Outgrowing Chess Idiot: The Experience
This is not a how to guide; it’s part of relating a personal chess experience that’s in progress, therefore hard to put into words. Is it relevant to the chess enthusiast? It may be, but more so to the enthusiast part; to put it differently, not one single chess move is mentioned throughout this article – but again, chess moves of other kinds probably do make up its theme.
To give you some general, symbolic idea, think of this experience as the Yin – Yang circle, just darker and less compelling (okay, so my experience is not a ball; it’s not even a circle, for that matter, but in terms of the positive and negative traits,it’s definitely similar to a twisted Yin-Yang thing: it’s got curves, it’s bipolar, it may seem oddly familiar but it’s got a strange, exotic, almost supernatural feeling to it; I’m not talking magic here, but then again, I might be; it depends on how you think of it.) There's a picture going with this blog; that's a nice visual representation of what I have in mind.
Cutting to the chase, it’s been two months since I (re)started my interest in chess, and I already feel like I’m in a strange, bizzare part of the intellectual world that’s just extremely different from everything I’ve been familiar with so far (which is mostly literature and psychology; no wonder it’s different, you might say. But still...) For one thing, I’ve finally come upon something that’s at the same time extremely hard to be even remotely good at (not to mention, excel in), yet the mere performance of which still being almost dumbishly easy to learn (imagine being able to punch like Mike Tyson, yet never winning your local box tournament; that would be frustrating, wouldn’t it?); and yet, studying chess turned out to be so challenging (and the successes, the more so rewarding), that it eventually took hold of most of my working, conscious mind.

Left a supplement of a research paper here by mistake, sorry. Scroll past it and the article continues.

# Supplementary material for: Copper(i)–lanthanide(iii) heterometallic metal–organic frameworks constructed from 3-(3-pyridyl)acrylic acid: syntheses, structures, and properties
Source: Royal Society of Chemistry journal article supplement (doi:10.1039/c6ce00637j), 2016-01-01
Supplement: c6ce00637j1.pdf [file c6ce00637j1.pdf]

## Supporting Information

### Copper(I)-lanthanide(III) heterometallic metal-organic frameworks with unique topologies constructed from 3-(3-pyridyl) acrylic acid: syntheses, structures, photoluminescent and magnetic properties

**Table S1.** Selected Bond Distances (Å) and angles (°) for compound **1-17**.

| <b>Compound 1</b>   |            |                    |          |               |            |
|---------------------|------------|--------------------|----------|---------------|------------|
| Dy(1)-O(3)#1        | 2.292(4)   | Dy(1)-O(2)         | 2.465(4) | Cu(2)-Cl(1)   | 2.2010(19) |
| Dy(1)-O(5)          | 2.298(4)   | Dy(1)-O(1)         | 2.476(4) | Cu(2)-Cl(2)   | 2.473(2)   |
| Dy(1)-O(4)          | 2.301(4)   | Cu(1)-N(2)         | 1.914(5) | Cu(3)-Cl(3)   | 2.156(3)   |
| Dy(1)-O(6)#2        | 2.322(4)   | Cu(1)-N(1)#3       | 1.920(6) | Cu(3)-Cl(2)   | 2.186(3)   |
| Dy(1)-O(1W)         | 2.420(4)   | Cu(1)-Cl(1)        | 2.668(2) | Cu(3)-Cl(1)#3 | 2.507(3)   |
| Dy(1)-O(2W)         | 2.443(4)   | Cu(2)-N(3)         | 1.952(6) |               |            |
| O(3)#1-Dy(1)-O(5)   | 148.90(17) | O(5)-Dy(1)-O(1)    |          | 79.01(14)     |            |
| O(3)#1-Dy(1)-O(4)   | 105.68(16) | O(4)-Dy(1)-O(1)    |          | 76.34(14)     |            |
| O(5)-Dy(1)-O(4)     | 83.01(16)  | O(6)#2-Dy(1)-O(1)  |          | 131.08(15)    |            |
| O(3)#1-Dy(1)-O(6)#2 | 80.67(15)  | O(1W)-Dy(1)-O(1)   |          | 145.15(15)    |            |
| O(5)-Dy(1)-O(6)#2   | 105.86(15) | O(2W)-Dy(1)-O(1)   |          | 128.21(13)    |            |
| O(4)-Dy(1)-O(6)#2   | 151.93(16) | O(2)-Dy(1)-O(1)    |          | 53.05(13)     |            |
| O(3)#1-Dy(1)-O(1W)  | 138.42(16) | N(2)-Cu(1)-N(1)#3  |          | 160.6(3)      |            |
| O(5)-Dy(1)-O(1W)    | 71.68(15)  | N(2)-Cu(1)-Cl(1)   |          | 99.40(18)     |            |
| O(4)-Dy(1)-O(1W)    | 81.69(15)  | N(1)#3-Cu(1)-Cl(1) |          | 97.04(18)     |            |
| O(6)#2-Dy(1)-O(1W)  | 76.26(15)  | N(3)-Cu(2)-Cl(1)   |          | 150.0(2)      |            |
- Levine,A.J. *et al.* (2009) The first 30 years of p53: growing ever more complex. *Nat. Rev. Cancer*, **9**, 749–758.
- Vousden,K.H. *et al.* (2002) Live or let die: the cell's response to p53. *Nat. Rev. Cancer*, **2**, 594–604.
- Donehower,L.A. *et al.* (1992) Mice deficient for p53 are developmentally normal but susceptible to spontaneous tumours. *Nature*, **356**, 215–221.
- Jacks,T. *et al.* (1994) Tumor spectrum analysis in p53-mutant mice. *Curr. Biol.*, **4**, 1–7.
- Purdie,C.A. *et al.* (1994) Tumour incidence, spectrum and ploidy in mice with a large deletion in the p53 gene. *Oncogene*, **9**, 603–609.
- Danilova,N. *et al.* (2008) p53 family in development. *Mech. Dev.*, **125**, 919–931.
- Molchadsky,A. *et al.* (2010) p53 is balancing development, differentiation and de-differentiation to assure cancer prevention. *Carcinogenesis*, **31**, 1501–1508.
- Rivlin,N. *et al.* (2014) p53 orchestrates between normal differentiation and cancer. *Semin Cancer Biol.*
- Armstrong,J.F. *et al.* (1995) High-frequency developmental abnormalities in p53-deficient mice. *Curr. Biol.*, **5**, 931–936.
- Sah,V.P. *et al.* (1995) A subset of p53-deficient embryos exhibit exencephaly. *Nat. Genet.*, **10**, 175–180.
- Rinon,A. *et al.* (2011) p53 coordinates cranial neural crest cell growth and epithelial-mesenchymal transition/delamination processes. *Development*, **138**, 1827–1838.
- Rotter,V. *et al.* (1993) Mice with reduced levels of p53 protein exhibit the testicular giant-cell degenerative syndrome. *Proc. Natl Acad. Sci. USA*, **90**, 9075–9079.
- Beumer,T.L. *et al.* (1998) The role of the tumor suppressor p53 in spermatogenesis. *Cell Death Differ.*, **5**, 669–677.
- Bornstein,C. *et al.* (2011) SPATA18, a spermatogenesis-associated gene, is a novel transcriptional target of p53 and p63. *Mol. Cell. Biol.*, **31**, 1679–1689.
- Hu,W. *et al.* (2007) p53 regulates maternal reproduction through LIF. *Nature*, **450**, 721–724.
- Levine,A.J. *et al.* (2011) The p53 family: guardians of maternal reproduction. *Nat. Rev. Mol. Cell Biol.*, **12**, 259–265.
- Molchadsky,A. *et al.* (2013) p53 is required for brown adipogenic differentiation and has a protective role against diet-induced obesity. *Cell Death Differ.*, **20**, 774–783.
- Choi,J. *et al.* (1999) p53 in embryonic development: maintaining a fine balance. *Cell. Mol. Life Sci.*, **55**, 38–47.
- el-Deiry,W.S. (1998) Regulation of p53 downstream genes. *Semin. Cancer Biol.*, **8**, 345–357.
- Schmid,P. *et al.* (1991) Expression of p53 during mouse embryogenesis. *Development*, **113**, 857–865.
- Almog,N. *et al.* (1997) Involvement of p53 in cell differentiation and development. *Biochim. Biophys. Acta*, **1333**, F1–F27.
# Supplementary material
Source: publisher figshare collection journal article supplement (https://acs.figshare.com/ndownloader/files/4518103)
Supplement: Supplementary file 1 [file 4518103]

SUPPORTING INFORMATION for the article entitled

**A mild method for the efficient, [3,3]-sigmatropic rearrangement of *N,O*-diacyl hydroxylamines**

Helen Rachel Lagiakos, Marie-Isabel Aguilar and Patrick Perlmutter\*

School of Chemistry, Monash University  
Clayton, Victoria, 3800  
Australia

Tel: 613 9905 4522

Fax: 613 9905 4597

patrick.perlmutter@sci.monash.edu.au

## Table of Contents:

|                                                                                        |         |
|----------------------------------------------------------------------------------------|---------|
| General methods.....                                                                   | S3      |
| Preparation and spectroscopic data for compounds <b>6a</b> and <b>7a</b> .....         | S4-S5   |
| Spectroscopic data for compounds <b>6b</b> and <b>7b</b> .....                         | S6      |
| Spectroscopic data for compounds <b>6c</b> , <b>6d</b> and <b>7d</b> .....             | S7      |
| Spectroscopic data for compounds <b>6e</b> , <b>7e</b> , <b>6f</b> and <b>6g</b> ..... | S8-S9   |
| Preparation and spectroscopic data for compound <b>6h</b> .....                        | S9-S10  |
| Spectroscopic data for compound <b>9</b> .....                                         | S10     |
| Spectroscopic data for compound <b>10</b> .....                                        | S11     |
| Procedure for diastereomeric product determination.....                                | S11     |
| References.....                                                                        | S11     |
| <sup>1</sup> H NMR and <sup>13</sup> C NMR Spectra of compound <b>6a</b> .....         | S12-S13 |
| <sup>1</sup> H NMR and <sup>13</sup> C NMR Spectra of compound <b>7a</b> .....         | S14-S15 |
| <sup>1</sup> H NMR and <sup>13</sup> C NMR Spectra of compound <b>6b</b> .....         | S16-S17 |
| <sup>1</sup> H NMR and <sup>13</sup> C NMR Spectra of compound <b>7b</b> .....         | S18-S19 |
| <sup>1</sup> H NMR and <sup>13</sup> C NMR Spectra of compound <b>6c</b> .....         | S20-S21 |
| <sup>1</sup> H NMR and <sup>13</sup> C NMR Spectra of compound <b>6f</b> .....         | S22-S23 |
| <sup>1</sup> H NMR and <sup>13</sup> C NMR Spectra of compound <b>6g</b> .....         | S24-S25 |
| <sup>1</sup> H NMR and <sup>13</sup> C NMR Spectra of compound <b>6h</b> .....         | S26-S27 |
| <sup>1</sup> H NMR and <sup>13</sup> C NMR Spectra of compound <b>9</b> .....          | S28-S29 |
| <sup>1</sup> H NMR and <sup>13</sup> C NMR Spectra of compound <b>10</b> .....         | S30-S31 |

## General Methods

For one thing, I should make it clear that chess should definitely not be at the top of my priorities list; definitely my diploma paper (which is due in July, but which is not even half complete) should knock it off that first place. But here I am, spending most of my spare time playing or studying chess (not even knowing if I’m properly studying... go figure).
There are many ups and downs to the process that I’m into right now, which is basically just getting past the „total chess idiot” (own label) status; I can’t help thinking, though, that there may be more downs then ups; that’s not so encouraging, is it?
I’m thinking of the total transfiguratory power that chess seems to have over my brain (and I know I’m not all that unique, so ”the” might as well replace ”my”). It would be interesting to look into the different types of cognitive changes that take place once a person voluntarily exposes themselves to bountiful amounts of chess; I think one might find that, although definitely most interesting from a psychological point of view, these effects aren’t necessarily for the better; and while they might not be for the worse (since who can ever tell what really is bad?) they’re definitely powerful and significant in at least a mysterious, if not obscure way.
When I began writing this article, I thought I would get to at least one tangible issue that I’m having, and which I think is most interesting and illustrative for the purpose of describing the strange effects of prolonged chess playing and studying (and I even had a name for that: it was ”the no-dream situation”); but now, seeing that the few hundred words I’ve written so far make up a stand-alone introduction, I’ll leave it as it is.
The no-dream situation might just be what the next part will be about (that may be a bit of a pretentious ending; after all, nobody may ever read this – if so, why bother writing parts that are never read?).